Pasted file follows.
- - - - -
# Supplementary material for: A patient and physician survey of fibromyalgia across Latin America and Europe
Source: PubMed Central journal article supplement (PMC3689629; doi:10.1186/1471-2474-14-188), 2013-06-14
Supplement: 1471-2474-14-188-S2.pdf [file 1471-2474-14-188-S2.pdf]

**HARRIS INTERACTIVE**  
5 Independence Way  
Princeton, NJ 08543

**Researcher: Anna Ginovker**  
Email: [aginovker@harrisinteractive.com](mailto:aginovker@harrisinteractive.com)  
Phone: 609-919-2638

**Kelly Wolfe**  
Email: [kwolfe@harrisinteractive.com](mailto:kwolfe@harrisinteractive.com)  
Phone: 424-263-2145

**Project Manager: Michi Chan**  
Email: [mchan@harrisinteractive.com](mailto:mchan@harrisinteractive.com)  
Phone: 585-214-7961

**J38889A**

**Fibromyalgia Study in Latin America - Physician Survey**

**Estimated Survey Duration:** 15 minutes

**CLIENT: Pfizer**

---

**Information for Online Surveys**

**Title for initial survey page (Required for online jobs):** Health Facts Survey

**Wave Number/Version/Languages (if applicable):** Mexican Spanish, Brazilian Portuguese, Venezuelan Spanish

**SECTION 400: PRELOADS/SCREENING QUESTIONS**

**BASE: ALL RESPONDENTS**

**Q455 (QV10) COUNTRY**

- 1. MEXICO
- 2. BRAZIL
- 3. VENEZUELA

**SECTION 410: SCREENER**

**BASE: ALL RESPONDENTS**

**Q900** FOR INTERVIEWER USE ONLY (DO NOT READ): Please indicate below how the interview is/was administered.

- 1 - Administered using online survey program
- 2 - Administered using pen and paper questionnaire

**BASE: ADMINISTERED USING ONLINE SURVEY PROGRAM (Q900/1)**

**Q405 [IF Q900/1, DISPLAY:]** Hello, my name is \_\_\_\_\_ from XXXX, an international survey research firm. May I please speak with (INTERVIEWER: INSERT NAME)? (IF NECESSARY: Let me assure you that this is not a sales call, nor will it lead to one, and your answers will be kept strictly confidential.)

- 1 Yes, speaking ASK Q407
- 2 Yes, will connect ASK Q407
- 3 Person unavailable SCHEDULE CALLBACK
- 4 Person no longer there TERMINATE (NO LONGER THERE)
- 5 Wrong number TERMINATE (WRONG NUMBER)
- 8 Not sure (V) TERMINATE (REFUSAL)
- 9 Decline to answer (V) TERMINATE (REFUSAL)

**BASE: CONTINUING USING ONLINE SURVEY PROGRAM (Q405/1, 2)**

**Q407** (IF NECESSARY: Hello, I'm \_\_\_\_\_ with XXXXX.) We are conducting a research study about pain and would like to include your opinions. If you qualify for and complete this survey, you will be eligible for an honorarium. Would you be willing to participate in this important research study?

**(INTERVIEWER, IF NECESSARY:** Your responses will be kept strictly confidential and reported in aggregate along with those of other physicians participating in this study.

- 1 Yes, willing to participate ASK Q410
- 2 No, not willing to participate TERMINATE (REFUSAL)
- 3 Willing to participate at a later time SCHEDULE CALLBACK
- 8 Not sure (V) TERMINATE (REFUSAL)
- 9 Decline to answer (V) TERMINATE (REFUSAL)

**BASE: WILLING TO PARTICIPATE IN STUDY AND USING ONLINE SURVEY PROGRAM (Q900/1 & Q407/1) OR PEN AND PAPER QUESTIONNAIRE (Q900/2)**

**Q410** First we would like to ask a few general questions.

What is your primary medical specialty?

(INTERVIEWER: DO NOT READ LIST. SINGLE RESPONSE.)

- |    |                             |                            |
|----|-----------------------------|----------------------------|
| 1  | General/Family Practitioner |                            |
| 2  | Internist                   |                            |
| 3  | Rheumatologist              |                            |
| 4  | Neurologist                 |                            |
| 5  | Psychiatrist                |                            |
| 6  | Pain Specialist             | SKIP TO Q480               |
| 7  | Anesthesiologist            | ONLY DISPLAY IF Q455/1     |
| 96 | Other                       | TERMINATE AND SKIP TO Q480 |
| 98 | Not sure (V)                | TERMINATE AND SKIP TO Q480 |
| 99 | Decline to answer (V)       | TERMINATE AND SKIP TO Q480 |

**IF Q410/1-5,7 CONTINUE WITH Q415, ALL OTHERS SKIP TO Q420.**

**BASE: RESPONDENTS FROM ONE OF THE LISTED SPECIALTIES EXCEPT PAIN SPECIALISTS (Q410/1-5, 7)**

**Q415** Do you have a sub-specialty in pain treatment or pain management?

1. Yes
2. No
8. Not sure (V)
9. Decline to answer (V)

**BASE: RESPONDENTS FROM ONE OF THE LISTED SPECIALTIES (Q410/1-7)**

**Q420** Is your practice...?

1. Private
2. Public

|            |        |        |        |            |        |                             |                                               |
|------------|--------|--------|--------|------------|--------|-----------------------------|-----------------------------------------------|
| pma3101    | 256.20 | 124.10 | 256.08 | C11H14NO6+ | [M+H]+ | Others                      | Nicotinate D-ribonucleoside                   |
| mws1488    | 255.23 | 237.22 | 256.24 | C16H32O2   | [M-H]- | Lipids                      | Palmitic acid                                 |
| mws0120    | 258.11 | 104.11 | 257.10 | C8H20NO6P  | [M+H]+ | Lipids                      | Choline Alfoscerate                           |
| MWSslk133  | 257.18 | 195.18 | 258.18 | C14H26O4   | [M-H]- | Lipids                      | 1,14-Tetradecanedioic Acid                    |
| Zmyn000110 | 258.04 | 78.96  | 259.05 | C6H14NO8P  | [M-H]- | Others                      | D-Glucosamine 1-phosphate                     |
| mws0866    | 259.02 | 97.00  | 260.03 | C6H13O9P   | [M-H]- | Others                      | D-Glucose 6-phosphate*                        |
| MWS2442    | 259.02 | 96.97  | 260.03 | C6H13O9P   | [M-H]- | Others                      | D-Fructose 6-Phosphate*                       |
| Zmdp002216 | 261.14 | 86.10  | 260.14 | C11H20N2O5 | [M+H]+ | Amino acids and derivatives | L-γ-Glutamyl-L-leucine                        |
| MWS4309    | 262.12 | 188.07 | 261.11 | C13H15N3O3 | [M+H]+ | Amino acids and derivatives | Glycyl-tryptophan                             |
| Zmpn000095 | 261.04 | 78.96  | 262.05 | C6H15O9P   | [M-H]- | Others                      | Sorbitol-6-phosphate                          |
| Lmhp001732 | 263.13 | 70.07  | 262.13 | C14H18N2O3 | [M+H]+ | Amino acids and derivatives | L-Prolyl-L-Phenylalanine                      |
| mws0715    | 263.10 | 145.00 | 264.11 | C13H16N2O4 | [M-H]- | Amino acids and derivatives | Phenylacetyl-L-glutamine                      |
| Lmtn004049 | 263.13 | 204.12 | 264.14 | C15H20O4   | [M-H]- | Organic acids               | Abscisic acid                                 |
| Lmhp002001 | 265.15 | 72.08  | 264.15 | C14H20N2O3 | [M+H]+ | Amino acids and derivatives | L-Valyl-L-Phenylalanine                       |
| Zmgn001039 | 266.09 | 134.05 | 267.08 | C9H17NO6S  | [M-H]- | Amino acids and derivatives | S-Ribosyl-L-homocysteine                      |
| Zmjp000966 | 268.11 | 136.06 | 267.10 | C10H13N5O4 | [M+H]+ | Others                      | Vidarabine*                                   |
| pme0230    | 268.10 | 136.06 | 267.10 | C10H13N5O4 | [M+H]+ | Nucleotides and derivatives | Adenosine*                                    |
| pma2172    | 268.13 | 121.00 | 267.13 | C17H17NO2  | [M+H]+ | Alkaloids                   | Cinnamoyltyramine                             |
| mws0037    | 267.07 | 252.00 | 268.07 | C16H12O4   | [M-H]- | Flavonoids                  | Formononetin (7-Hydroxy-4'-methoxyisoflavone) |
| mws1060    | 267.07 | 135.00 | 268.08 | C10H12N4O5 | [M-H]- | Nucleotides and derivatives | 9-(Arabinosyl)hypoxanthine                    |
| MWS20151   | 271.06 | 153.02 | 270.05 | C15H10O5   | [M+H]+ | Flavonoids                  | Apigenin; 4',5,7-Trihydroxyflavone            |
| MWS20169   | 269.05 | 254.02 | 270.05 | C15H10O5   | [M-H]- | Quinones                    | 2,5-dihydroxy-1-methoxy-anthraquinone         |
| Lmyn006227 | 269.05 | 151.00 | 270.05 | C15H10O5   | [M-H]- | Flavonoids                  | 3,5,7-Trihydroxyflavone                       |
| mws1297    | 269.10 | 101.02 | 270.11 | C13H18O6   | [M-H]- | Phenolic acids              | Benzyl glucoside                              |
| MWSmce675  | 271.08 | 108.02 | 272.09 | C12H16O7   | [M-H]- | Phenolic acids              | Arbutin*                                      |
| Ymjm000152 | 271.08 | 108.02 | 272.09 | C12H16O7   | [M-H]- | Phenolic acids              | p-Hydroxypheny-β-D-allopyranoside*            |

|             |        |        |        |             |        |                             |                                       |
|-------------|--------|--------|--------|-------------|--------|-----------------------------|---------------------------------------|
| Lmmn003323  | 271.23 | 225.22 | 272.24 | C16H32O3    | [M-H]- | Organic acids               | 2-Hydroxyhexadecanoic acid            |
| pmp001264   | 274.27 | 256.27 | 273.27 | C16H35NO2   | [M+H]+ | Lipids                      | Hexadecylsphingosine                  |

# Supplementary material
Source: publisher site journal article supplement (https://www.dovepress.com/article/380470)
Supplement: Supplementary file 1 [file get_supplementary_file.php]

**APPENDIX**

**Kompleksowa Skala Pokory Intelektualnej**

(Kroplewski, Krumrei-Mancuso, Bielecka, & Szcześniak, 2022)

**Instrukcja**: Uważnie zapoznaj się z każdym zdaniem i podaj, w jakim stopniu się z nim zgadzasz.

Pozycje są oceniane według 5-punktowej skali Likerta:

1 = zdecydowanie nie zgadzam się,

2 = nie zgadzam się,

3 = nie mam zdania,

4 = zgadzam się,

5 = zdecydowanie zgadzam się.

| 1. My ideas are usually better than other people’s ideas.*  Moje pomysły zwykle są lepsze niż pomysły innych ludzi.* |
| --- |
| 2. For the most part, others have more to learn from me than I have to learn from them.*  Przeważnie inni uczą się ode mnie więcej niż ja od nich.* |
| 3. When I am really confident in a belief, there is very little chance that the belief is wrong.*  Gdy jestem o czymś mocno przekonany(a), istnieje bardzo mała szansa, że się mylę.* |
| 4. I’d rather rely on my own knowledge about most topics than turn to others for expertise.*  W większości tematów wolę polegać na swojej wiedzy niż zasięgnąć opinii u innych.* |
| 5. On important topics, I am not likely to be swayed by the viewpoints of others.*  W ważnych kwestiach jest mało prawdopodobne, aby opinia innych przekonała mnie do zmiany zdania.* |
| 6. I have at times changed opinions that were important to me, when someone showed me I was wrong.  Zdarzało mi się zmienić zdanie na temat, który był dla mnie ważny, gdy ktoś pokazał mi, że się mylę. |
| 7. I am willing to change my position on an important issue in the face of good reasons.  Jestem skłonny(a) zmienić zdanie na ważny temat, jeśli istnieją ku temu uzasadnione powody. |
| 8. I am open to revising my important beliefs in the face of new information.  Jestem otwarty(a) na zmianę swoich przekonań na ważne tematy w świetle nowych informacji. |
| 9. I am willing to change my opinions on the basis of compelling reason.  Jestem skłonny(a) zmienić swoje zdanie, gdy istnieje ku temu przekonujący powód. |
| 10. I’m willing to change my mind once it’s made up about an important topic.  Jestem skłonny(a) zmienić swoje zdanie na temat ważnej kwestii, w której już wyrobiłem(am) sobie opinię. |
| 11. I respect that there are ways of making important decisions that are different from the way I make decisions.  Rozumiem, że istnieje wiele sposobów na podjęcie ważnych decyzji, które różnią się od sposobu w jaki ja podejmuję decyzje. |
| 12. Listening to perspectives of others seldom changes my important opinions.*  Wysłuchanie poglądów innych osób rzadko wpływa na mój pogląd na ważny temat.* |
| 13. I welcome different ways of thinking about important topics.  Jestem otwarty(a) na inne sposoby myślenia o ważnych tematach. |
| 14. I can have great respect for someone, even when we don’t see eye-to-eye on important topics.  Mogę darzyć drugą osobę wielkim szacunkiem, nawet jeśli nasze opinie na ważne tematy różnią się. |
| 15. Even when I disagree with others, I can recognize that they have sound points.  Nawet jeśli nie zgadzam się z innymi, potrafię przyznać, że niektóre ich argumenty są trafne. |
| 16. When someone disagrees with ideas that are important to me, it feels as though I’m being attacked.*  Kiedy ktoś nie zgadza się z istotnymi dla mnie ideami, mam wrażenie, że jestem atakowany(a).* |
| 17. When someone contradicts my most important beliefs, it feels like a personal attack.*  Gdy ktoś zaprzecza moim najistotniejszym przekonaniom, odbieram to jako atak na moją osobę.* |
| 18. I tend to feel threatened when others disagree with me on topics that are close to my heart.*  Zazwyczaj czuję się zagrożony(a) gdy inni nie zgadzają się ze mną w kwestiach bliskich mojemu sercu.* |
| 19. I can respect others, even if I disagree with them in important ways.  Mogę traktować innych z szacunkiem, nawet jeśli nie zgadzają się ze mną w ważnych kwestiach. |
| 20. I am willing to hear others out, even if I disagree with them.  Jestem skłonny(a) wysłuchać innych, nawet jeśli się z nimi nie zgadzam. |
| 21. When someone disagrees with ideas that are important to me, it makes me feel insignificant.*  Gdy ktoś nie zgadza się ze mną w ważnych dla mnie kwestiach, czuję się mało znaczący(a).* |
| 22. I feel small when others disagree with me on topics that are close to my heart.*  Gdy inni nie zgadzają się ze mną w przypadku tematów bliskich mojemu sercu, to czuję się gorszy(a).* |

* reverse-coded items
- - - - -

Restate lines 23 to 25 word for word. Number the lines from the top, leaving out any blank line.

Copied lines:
**Wave Number/Version/Languages (if applicable):** Mexican Spanish, Brazilian Portuguese, Venezuelan Spanish

**SECTION 400: PRELOADS/SCREENING QUESTIONS**

**BASE: ALL RESPONDENTS**